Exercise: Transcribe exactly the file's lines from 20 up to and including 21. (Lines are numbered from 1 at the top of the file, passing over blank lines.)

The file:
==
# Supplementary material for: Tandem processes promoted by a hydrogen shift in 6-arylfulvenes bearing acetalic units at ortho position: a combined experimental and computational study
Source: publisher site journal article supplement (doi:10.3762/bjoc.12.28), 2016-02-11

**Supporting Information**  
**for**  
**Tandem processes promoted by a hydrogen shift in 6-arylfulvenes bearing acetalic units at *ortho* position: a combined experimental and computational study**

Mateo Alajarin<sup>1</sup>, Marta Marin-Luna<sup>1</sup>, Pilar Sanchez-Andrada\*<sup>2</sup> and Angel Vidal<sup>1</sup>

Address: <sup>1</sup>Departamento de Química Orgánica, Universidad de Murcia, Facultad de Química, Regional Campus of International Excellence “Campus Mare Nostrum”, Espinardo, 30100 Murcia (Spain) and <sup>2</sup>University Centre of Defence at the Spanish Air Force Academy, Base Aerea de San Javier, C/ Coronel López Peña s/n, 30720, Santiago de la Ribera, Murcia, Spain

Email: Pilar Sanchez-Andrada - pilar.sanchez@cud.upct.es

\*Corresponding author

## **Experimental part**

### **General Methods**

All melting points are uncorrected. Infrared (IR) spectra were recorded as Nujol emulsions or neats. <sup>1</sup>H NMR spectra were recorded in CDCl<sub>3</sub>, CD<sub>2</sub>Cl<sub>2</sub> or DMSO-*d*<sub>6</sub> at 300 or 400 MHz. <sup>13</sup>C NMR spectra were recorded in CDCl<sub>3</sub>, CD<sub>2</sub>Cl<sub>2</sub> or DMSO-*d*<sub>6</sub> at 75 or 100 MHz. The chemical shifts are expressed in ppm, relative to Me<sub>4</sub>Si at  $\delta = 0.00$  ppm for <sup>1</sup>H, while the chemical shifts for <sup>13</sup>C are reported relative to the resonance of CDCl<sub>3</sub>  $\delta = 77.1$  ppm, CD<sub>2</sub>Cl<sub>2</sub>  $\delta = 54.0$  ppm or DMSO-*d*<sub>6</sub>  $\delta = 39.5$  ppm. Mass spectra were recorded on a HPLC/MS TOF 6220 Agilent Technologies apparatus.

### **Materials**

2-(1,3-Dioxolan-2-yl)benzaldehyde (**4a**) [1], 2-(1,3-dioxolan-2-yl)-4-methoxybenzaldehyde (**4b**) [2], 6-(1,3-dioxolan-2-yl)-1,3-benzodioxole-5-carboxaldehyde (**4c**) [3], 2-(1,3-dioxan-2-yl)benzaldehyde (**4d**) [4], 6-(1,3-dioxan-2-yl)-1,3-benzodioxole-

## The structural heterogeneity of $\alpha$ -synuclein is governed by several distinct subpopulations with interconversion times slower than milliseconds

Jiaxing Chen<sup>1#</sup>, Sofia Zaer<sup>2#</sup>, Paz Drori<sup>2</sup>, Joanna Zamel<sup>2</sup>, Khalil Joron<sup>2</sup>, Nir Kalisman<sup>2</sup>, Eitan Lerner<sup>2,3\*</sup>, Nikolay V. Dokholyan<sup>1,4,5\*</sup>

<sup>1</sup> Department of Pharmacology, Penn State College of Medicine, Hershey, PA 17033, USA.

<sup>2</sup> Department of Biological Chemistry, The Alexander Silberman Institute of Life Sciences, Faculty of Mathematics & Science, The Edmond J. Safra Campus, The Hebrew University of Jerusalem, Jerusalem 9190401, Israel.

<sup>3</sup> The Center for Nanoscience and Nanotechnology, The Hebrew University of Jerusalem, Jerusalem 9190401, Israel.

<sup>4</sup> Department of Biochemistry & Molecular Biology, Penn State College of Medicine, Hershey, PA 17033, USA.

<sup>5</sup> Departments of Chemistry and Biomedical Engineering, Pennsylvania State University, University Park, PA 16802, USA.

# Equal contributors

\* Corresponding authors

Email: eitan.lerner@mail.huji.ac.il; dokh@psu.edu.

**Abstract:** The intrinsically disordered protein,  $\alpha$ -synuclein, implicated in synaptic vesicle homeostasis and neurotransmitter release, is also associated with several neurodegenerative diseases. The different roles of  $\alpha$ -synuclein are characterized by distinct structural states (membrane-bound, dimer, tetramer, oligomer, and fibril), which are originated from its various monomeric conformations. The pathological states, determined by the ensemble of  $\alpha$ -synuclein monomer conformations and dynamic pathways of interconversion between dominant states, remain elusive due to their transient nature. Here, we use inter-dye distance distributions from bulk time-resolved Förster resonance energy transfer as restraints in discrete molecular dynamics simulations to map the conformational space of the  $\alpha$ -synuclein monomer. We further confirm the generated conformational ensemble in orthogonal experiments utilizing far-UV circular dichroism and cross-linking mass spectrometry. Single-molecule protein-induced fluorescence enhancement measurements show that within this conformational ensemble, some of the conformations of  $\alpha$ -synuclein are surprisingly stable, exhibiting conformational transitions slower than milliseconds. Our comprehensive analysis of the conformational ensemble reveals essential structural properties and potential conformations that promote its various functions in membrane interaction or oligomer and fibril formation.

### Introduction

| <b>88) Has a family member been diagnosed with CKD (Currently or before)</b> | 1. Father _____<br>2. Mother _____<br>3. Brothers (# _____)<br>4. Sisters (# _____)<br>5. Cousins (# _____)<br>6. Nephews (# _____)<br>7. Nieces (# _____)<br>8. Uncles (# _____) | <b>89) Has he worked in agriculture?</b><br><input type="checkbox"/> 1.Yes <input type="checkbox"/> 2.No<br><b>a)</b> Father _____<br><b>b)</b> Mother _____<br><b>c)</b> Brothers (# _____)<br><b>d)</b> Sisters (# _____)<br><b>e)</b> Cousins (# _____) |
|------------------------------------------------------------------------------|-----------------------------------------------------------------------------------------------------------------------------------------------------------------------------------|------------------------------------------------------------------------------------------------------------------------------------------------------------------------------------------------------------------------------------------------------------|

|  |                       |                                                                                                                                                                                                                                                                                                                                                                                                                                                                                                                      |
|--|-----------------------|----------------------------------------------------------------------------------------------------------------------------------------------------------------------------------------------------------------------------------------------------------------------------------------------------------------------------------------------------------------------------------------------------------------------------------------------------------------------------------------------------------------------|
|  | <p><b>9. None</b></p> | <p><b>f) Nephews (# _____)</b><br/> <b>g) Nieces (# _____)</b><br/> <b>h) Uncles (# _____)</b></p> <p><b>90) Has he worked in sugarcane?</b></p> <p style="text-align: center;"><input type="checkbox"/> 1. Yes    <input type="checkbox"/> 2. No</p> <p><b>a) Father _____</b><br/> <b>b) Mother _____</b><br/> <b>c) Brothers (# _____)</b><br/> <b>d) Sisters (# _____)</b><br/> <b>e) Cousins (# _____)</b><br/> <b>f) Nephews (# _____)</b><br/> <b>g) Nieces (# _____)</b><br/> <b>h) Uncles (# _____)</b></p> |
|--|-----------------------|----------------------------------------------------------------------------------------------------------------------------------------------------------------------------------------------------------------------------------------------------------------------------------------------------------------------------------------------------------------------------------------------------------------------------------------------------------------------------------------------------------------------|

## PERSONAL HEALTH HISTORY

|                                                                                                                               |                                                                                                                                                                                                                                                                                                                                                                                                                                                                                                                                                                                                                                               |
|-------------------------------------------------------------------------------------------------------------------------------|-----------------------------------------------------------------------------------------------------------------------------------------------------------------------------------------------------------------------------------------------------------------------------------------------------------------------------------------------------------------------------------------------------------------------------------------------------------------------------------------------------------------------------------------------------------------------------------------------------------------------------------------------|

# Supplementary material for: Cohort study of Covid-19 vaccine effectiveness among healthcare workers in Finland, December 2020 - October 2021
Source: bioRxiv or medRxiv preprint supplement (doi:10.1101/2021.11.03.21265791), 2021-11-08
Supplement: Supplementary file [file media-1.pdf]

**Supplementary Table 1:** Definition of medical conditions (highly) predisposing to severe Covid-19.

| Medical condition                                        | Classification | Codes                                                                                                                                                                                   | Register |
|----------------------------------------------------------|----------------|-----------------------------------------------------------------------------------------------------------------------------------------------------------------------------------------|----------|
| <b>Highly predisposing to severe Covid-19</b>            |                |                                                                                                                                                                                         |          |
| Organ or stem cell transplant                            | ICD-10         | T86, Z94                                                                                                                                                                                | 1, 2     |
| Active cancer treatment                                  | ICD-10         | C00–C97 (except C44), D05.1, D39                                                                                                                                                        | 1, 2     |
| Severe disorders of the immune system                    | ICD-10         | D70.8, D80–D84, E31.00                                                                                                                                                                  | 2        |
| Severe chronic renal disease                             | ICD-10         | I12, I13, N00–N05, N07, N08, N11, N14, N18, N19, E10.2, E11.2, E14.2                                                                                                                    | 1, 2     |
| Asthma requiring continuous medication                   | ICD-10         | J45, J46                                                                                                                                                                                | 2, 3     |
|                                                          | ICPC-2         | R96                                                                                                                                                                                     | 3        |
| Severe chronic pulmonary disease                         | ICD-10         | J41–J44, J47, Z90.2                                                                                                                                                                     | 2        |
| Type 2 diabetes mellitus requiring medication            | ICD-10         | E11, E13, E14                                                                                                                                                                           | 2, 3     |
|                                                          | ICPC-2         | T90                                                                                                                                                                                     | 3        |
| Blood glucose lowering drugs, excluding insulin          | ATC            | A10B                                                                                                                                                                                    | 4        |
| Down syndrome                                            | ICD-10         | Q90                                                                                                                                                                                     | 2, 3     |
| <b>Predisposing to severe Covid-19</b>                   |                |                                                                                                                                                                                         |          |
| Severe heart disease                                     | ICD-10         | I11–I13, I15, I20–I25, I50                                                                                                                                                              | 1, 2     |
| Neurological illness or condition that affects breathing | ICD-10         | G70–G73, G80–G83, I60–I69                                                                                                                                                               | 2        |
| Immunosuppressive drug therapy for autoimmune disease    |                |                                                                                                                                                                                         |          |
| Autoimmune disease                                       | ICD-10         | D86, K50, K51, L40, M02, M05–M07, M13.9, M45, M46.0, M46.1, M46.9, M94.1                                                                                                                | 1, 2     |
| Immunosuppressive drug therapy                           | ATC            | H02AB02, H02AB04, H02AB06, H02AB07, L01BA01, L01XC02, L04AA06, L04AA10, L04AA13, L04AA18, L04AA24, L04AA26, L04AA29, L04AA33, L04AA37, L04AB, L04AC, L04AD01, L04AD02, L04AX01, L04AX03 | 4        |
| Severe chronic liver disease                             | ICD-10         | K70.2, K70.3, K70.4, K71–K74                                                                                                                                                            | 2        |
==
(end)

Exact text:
<sup>4</sup> Department of Biochemistry & Molecular Biology, Penn State College of Medicine, Hershey, PA 17033, USA.

<sup>5</sup> Departments of Chemistry and Biomedical Engineering, Pennsylvania State University, University Park, PA 16802, USA.